Large parts of South Lanarkshire are already what the planners call “a wind farm landscape”. A glance at the map of current and forthcoming applications shows that the whole county could be in that category.
This surcharge-and-subsidy policy is totally unacceptable to the electorate at large, cannot be allowed to go on and stopping it must be a plank in the platform of any party that wants to get our votes at all future elections.
It would be interesting to know which, if any, of our MSPs, MPs, MEPs and local councillors support or even accept this combination of circumstances. They will not deserve our votes in future. Those who agree that the policy is wrong must now say so and act towards rectifying it.
In the meantime, our local authority, South Lanarkshire Council, must stand up against the bully boy tactics of the Scottish Government, which is hell-bent on seeing Scotland completely covered in turbines. Enough is enough.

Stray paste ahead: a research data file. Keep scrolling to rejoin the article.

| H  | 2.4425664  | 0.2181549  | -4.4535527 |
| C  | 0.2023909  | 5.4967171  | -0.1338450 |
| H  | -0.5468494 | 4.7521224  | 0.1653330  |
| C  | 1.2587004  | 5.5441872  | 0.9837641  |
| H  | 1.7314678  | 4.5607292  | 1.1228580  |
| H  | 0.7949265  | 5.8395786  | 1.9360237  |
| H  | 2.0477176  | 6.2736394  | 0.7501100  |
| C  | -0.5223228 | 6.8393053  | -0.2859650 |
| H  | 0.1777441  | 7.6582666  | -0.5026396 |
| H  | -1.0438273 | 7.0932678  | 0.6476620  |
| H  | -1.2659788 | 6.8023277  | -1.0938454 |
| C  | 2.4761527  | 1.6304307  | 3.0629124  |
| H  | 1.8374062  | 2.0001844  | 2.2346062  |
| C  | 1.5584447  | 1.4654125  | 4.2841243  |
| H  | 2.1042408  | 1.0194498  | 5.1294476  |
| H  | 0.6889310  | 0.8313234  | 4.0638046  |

South Lanarkshire already hosts much more than its fair share of wind farms and, along with our neighbouring counties, seems to be considered as a convenient dumping ground for wind schemes – large and small.
The people of South Lanarkshire object strongly to being made to pay for further destruction of our local landscapes, countryside and environment.
One way that people can make an effective protest against these present policies will be to object vigorously against the detrimental effects of any future wind farm application in their area.
Popular revolt conquered the poll tax. Let’s see if we cannot get rid of this latest preposterously unfair imposition. – Yours etc.,
Chairman, CAN Campaign Group,
Dear Ed, – I am willing to pay a reward for the return of a memorial stone which disappeared from my daughter Kim’s grave in Lanark three weeks ago.
The inscription reads: “Night. Love you. See you in the morning”, the simple words she routinely said every bedtime as a child, before kissing us goodnight and toddling off, clutching her favourite teddy bear.
Kim died in January 2010.
I don’t care about the flowers, plants and vases which also vanished but, as anyone can imagine, that memorial holds huge emotional ties and is very, very special to my wife and me. – Yours etc.,
Dear Ed, – I am researching the former RAF West Beckham in Norfolk and would like to talk to any former personnel who served there or their family members.